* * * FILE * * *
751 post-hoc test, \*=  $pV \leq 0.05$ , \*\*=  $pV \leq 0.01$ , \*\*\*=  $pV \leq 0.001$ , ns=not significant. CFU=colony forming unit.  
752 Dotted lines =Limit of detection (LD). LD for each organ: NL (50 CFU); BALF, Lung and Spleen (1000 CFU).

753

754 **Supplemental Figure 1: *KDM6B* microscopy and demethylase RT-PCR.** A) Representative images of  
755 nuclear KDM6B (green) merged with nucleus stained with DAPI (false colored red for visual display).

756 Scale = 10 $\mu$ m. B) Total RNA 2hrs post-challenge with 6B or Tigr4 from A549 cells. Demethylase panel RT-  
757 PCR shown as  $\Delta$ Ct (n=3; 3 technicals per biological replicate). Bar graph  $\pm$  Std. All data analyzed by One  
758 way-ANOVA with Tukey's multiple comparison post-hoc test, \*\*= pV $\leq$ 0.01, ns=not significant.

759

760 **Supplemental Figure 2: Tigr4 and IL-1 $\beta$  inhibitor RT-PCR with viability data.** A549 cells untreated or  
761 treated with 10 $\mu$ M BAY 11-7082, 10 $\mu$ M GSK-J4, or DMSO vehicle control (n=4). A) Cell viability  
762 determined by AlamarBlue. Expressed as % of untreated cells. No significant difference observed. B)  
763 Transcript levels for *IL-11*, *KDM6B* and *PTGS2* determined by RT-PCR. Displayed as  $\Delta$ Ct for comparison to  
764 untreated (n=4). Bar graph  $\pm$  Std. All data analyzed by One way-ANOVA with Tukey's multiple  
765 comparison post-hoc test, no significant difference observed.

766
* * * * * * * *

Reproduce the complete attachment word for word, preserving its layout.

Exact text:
751 post-hoc test, \*=  $pV \leq 0.05$ , \*\*=  $pV \leq 0.01$ , \*\*\*=  $pV \leq 0.001$ , ns=not significant. CFU=colony forming unit.  
752 Dotted lines =Limit of detection (LD). LD for each organ: NL (50 CFU); BALF, Lung and Spleen (1000 CFU).

753

754 **Supplemental Figure 1: *KDM6B* microscopy and demethylase RT-PCR.** A) Representative images of  
755 nuclear KDM6B (green) merged with nucleus stained with DAPI (false colored red for visual display).

756 Scale = 10 $\mu$ m. B) Total RNA 2hrs post-challenge with 6B or Tigr4 from A549 cells. Demethylase panel RT-  
757 PCR shown as  $\Delta$ Ct (n=3; 3 technicals per biological replicate). Bar graph  $\pm$  Std. All data analyzed by One  
758 way-ANOVA with Tukey's multiple comparison post-hoc test, \*\*= pV $\leq$ 0.01, ns=not significant.

759

760 **Supplemental Figure 2: Tigr4 and IL-1 $\beta$  inhibitor RT-PCR with viability data.** A549 cells untreated or  
761 treated with 10 $\mu$ M BAY 11-7082, 10 $\mu$ M GSK-J4, or DMSO vehicle control (n=4). A) Cell viability  
762 determined by AlamarBlue. Expressed as % of untreated cells. No significant difference observed. B)  
763 Transcript levels for *IL-11*, *KDM6B* and *PTGS2* determined by RT-PCR. Displayed as  $\Delta$ Ct for comparison to  
764 untreated (n=4). Bar graph  $\pm$  Std. All data analyzed by One way-ANOVA with Tukey's multiple  
765 comparison post-hoc test, no significant difference observed.

766